The Environment and Global Justice

What is it

Our current way of life is unsustainable. Depletion of the ozone layer,  the dwindling of the rain forest, the loss of animal habitat, and toxic runoff into lakes, streams and rivers are just a few of the environmental challenges we face. The environment is a global problem that no one nation can address on its own. Something must give, somewhere. But who will pay what costs for improving the global environment? Wealthy nations of the North? Developing nations of the South?  By what principles of justice shall we decide? John and Ken take justice into their own hands with Larry Goulder from Stanford University.

Listening Notes

The lifestyles of the first-world countries seem to have a large effect on the environment. Should we change our lifestyles to help preserve the environment? Should developing nations adopt environmentally friendly policies and skip the period of relatively destructive policies? Ken introduces Larry Goulder, Professor of Economics at Stanford. Goulder says that our current way of life is not environmentally sustainable, for either the richer countries or the third-world countries. Historical considerations lead him to think that the richer countries should be the first ones to transition to environmentally friendly policies and technologies.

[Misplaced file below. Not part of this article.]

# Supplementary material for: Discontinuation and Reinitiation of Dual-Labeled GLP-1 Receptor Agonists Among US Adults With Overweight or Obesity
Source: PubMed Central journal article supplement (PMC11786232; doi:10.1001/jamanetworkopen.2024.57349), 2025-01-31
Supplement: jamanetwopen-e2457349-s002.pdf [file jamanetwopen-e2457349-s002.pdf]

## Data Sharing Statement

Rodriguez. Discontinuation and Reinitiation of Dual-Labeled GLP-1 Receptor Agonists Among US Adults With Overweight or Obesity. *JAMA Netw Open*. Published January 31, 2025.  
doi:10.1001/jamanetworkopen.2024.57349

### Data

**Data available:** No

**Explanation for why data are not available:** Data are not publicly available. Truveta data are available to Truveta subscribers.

Should we be developing new environmentally friendly technologies? Should we provide these technologies to developing countries? Doesn't Rawls's theory of justice apply internationally? Goulder discusses Rawls's difference principle, which states that resources should be evenly divided except when giving more resources to a particular individual would benefit the least well off group. Goulder says that we need to consider externalities, the social cost of using something over and above its market price. In the absence of an international court, can countries be made to offset the costs of avoiding environmentally destructive industry, like deforestation in Brazil? Goulder thinks that there are circumstances in which it is in everyone's best interest to do so.

Do countries have obligations to people that are not their citizens? Most theories of justice are geared towards dealing with problems within a single nation. Does justice entail obligations to future generations, meaning that we must leave the world in good enough condition for future generations? Should the richer countries be forced to pay reparations to countries in the Southern Hemisphere for environmental damages? Goulder thinks that that idea is not feasible.

  • Roving Philosophical Report (Seek to 04:25):  Amy Standen interviews Jennifer Turner, coordinator of the China Environment Forum, about the Chinese auto and oil markets.
  • Philosophy Talk Goes to the Movies (Seek to 46:50):  John and Ken discuss the existential and moral dimensions of Spider Man II.

 

 
 

Lawrence H. Goulder, Shuzo Nishihara Professor of Environmental and Resource Economics, Stanford University

 
 

Bonus Content

 

Philosophy Talk Goes to the Movies: Spider-Man 2

 

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